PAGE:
PARK TOWNSHIP, Mich. (WOOD) — Authorities say more than 150 cats were taken from a St. Joseph County home earlier this month.

On Aug. 3, authorities received a tip about a stray cat hoarding situation at a home in Park Township, north of Three Rivers.

When they arrived the next day, authorities noted it was difficult to overcome the smell in the home even with protective equipment. The house was in deplorable condition and deemed unsafe for humans, according to the township.

Officials say the cats taken from the home ranged from newborns to adults. Two of them needed to be euthanized immediately and several others appeared to have health issues, the township said.

Authorities noted four officials received minor injuries from aggressive cats.

Deputy Greg Musser, animal control supervisor for the St. Joseph County Sheriff’s Department, says the cats are being cared for by a small group of volunteers and staff.

“We have had a pretty large case about five years ago with the case with some exotic animals, but no, this was by far in the history of St. Joe (Joseph) County the biggest animal seizure that we’ve done,” Musser said.

The St. Joseph County Animal Control Agency sought help from agencies in nearby counties due to the number of cats. Authorities say they will try to recoup the cost.

During the search, the property owner and a family member were present. Both cooperated with the investigation. According to a news release, the property owner has been cited, and township officials are seeking other remedies to resolve the issue.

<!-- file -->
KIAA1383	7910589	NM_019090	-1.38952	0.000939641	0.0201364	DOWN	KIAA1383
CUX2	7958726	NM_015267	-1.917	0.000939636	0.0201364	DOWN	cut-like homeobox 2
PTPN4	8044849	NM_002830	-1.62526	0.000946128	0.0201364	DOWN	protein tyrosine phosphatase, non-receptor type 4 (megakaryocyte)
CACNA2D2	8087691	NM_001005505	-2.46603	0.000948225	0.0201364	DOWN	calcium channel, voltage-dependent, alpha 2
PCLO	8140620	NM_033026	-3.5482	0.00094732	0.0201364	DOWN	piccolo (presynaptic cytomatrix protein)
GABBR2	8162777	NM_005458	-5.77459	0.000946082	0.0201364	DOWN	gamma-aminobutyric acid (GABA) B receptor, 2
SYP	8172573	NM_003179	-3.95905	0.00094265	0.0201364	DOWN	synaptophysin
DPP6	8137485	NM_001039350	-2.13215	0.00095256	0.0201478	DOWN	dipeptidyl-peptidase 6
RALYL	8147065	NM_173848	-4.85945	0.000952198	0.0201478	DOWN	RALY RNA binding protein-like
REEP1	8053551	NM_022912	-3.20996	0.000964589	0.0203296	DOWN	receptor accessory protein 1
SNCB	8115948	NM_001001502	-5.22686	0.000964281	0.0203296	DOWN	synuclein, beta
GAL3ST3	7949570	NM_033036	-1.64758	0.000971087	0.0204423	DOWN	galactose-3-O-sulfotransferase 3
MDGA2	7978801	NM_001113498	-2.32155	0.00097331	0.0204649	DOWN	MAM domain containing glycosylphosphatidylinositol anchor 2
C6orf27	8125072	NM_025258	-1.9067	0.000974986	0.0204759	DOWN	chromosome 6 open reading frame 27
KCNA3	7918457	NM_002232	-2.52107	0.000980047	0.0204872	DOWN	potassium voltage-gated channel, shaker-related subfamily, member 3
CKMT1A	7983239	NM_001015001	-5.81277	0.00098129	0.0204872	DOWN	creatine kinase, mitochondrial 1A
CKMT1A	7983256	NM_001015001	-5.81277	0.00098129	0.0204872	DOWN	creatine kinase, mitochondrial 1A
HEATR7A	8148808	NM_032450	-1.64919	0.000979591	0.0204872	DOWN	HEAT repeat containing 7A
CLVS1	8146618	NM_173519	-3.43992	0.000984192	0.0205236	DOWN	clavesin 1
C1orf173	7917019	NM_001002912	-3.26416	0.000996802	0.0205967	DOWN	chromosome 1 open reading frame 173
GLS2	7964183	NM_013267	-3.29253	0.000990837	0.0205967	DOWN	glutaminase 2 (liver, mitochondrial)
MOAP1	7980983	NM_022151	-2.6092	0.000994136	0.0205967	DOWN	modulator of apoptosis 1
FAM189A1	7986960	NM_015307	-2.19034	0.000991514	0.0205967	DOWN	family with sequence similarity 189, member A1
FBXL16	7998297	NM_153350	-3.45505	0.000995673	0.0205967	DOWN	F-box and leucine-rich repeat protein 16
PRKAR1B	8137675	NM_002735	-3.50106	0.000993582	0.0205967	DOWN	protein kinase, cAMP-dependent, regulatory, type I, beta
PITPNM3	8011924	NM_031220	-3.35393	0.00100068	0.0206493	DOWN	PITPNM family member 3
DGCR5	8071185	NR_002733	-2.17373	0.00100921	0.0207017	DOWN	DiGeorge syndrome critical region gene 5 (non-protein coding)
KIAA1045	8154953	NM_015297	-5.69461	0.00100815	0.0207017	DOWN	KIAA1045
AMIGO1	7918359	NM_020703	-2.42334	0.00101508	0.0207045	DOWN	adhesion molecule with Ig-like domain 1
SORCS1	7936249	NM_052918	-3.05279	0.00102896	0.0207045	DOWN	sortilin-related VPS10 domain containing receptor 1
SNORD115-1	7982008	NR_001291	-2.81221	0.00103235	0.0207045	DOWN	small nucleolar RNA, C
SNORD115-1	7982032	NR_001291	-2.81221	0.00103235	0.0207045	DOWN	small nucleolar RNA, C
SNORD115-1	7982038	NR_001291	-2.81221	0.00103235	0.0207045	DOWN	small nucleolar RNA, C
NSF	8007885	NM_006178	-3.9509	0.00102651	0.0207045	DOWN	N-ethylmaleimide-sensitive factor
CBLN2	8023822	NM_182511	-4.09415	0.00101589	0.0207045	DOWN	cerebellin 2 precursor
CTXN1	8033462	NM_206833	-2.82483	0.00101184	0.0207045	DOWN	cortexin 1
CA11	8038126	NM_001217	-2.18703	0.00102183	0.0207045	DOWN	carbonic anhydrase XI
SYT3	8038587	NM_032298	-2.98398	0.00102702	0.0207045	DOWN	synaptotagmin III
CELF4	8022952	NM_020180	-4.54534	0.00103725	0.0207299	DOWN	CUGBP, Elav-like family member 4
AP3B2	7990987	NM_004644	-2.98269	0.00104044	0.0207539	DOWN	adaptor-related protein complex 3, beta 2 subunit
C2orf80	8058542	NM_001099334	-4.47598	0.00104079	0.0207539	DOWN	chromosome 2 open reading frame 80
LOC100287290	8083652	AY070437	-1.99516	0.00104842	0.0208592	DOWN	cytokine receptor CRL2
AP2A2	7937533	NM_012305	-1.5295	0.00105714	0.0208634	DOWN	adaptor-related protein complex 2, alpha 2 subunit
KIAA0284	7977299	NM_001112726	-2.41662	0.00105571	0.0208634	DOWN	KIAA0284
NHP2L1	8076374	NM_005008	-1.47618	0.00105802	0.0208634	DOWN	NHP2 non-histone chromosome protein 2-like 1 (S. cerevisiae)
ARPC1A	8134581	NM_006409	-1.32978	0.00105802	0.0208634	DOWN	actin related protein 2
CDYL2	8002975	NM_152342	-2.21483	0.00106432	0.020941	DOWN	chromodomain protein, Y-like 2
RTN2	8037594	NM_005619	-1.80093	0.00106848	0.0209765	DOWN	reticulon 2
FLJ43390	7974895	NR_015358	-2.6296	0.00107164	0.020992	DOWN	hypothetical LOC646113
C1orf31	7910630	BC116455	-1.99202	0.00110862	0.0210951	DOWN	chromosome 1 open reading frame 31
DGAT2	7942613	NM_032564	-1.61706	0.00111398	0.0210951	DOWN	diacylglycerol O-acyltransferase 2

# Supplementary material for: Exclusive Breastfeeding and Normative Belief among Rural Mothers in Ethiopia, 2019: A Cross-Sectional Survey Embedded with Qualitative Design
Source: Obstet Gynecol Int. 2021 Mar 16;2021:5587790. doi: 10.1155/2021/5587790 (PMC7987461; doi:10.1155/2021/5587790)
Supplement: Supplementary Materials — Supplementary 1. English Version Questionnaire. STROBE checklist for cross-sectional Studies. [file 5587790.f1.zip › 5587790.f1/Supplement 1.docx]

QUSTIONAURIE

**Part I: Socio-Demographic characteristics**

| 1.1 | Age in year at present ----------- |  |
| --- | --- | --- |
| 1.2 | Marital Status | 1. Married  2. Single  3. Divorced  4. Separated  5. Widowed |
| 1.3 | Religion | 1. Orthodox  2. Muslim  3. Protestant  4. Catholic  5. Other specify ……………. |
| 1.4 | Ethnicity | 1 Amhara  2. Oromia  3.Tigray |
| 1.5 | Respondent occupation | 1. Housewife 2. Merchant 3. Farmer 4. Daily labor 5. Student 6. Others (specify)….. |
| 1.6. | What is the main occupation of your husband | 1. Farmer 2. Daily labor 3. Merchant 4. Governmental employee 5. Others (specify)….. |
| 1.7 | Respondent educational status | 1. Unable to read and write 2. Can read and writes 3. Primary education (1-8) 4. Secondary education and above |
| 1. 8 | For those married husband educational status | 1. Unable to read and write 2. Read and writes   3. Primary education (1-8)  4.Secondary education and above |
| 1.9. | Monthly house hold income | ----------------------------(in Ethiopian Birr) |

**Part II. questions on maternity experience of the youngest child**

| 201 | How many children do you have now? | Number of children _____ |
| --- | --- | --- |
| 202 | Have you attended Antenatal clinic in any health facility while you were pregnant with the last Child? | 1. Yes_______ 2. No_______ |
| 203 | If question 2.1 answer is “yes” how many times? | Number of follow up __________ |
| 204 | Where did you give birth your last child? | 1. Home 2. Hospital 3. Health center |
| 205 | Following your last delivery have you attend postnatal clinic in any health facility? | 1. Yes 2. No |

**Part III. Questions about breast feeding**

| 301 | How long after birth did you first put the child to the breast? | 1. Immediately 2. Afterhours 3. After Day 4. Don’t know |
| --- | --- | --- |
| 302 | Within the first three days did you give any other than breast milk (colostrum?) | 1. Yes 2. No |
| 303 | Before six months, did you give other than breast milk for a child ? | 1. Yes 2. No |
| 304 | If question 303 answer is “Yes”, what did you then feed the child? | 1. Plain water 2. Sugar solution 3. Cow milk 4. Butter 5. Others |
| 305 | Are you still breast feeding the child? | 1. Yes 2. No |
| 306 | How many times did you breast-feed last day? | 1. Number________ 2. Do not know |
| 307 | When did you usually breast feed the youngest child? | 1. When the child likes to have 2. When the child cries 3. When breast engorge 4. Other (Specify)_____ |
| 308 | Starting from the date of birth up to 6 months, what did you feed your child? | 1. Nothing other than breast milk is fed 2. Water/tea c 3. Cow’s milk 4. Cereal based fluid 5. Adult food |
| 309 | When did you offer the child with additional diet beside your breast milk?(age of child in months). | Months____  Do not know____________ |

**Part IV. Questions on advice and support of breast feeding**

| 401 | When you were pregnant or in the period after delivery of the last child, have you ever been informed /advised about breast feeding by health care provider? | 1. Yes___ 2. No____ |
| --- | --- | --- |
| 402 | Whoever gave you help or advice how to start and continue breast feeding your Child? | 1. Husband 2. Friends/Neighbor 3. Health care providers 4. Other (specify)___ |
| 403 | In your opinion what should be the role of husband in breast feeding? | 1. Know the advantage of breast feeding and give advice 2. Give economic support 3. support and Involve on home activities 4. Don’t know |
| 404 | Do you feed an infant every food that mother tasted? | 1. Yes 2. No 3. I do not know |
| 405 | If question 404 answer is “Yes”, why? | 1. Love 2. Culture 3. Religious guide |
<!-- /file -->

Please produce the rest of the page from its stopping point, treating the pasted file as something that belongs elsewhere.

Township officials say one of the family members is being investigated for hoarding cats in another community. That case is still open.

The cats are not yet available for adoption. But the shelter does have some that are not connected to this case.

“We do have 10 cats that are available that were our cats in our possession prior to this, so if anybody is looking for a cat now is a great time to help us out. It doesn’t sound like a lot, but 10 cats would tremendously help our staff out,” Musser said.

Donations of cat food, kitty litter, bleach, laundry soap, larger size metal collapsible cages and other items are being accepted for drop off at the animal control shelter gate.

Entry into the shelter is only available to visitors by appointment because of the coronavirus pandemic.

Kathy Bingaman of Three Rivers donated dry cat food to the shelter from her cat that recently passed away after hearing about the case.

“I hope everyone hears about this and everyone has got something to donate, whether it’s blankets or toys or food or whatever, so if we all donate a little bit, maybe we can all help out,” Bingaman said.

Monetary donations can be made to the shelter through the United Way of St. Joseph County. Donors can designate their money to care specifically for the cats at the shelter.

Animal control officials are submitting a report to prosecutors to determine if charges should be filed.